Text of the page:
The path of least resistance to the worst strategic decisions is to (a) assume that the current economic and social environment will prevail (When has that never been true?) and (b) that your firm will keep selling the same services to the same clients in the future. Throw in a self-aggrandizing SWOT assessment, and you end up with a strategic plan to double in size in five years. Job done, let’s head to the bar. Not so fast. Status quo bias is a cognitive bias based on emotion. (They were also a terrific bunch of English rock and rollers in the ’70s.) And it’s the enemy of great strategic planning meetings. The best way to overcome it is to make sure that everyone on the team has access to research and materials that objectively assess how the world around the firm may change in the future, how clients may evolve, and how the firm itself looks different. Powerful strategic planning meetings are the result of blending data (“there will be zero growth in our market for the next five years”) with emotion (“we do not accept zero growth; as a team and shareholders we demand growth, and so, in a zero-growth market we will take market share from our competition, and here is how we will do that”). When you do this, your vision is one that marries what you need to change to be viable with what you want to change to self-actualize.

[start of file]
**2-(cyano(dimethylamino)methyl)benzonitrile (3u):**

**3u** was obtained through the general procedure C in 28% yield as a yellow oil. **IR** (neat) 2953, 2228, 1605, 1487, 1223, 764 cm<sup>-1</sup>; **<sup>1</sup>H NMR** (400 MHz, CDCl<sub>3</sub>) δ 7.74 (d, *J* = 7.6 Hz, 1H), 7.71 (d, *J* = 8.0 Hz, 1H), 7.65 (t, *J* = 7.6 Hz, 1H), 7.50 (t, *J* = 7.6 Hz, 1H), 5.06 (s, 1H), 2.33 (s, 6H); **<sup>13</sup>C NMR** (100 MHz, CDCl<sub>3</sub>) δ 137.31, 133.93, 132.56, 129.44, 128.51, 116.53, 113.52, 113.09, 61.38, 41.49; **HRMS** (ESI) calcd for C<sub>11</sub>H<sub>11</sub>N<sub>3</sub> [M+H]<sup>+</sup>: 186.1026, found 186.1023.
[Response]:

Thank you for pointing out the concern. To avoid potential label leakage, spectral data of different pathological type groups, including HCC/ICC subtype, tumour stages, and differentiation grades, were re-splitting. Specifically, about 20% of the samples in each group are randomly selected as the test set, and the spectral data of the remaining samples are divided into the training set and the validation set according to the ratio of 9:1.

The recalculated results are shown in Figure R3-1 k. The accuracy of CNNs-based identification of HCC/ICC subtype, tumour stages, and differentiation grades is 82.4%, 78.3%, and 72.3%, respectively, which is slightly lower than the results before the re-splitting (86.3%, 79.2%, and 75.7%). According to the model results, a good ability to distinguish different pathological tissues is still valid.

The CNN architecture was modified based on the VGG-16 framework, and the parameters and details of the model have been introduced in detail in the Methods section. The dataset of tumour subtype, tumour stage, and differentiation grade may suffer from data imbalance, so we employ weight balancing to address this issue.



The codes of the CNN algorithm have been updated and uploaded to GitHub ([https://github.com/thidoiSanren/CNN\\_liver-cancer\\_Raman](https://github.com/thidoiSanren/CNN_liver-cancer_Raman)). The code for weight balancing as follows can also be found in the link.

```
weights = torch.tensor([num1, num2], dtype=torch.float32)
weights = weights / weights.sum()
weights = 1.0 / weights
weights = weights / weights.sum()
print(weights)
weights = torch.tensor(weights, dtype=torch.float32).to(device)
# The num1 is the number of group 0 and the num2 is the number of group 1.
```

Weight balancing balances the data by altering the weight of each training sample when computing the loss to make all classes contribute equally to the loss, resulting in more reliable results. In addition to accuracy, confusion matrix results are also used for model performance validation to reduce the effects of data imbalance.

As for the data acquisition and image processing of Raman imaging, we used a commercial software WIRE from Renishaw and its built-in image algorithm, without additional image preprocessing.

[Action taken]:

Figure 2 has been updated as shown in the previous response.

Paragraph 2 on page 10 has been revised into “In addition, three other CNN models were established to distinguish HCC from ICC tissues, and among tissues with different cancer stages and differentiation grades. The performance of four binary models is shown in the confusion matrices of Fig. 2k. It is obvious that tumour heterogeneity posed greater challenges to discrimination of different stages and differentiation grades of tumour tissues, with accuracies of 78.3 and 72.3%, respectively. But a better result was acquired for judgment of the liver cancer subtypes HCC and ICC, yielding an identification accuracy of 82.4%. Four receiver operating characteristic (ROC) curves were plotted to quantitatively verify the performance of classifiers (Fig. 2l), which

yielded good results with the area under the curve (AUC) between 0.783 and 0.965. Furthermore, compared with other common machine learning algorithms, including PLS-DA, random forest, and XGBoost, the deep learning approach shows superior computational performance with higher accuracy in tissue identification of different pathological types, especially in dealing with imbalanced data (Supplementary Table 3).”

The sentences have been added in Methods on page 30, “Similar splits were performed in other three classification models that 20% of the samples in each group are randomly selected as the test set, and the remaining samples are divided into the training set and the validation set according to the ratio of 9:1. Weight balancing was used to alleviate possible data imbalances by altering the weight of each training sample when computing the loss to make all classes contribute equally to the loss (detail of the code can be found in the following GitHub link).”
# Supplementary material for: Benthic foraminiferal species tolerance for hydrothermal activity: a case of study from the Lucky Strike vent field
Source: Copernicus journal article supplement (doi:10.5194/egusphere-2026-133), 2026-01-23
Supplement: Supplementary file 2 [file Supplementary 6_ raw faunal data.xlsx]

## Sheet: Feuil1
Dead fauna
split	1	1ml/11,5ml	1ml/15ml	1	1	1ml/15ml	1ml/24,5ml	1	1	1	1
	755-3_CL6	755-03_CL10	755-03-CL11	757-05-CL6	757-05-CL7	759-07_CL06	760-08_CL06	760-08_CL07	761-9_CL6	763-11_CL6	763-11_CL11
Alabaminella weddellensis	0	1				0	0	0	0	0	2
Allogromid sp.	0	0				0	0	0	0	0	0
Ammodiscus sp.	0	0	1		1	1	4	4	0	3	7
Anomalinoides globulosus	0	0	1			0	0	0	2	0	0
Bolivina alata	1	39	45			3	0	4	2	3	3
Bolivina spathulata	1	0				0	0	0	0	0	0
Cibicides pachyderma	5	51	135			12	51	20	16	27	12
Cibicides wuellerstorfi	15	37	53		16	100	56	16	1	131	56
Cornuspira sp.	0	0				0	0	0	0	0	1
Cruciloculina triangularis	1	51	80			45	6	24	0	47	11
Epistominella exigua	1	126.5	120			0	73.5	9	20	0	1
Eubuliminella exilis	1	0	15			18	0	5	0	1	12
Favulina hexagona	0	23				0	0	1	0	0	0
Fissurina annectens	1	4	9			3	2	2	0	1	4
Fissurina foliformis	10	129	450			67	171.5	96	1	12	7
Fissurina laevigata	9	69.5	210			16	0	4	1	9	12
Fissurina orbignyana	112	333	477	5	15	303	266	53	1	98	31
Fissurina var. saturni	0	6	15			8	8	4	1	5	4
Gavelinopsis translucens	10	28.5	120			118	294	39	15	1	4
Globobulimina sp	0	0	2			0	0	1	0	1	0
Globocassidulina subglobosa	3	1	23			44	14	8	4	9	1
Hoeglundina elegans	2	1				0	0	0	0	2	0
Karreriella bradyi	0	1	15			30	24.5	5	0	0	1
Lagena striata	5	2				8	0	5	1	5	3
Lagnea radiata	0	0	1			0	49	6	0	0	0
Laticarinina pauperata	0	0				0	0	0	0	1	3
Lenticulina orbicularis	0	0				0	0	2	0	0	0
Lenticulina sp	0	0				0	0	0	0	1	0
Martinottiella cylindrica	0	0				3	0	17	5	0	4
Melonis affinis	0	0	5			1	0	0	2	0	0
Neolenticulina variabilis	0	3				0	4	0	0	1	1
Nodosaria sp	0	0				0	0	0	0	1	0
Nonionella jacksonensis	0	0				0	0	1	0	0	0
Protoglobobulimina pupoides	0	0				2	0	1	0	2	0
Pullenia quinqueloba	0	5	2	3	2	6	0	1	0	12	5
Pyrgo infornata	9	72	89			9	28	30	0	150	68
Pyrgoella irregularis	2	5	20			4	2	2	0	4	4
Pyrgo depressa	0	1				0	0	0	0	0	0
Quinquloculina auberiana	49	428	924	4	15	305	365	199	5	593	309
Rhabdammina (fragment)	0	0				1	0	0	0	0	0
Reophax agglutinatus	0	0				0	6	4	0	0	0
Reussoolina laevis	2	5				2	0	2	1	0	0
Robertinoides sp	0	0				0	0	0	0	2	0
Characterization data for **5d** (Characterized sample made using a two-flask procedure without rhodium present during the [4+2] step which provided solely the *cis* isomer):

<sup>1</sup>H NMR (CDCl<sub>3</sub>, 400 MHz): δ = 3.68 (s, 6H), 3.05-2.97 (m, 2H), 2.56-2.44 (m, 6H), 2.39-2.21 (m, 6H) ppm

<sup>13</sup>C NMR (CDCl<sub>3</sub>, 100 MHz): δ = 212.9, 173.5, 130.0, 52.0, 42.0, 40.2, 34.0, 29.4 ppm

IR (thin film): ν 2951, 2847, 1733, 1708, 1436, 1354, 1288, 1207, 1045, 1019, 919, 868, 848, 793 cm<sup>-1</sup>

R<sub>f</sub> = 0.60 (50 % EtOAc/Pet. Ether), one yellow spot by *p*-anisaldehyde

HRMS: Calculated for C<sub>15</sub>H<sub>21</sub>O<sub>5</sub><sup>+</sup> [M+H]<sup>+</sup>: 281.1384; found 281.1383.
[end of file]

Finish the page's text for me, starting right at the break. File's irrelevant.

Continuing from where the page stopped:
5. Agree to disagree about the vision and move on
Don’t worry. That won’t cause problems down the road. At least not for the group of principals who decide to peel off and form your biggest competitor overnight. Visioning sounds low risk. (“It’s so far off in the distance, it’s meaningless! Who can predict the future?! No action items! Let’s head out to see how the Shakers made bread.”) But it’s not. And lack of alignment around vision is the reason most firms fragment and fail. You’re not going to get agreement or consensus on every single element of your vision. But you want to make sure that everyone’s voice is heard and the hard discussions are mined in its creation. Oftentimes the crucial conversations around this topic go WAY longer than 5 P.M. Which is not ideal when the aquarium you’re having your meeting in shuts down right then for penguin feeding.
6. Focus on word-smithing the mission statement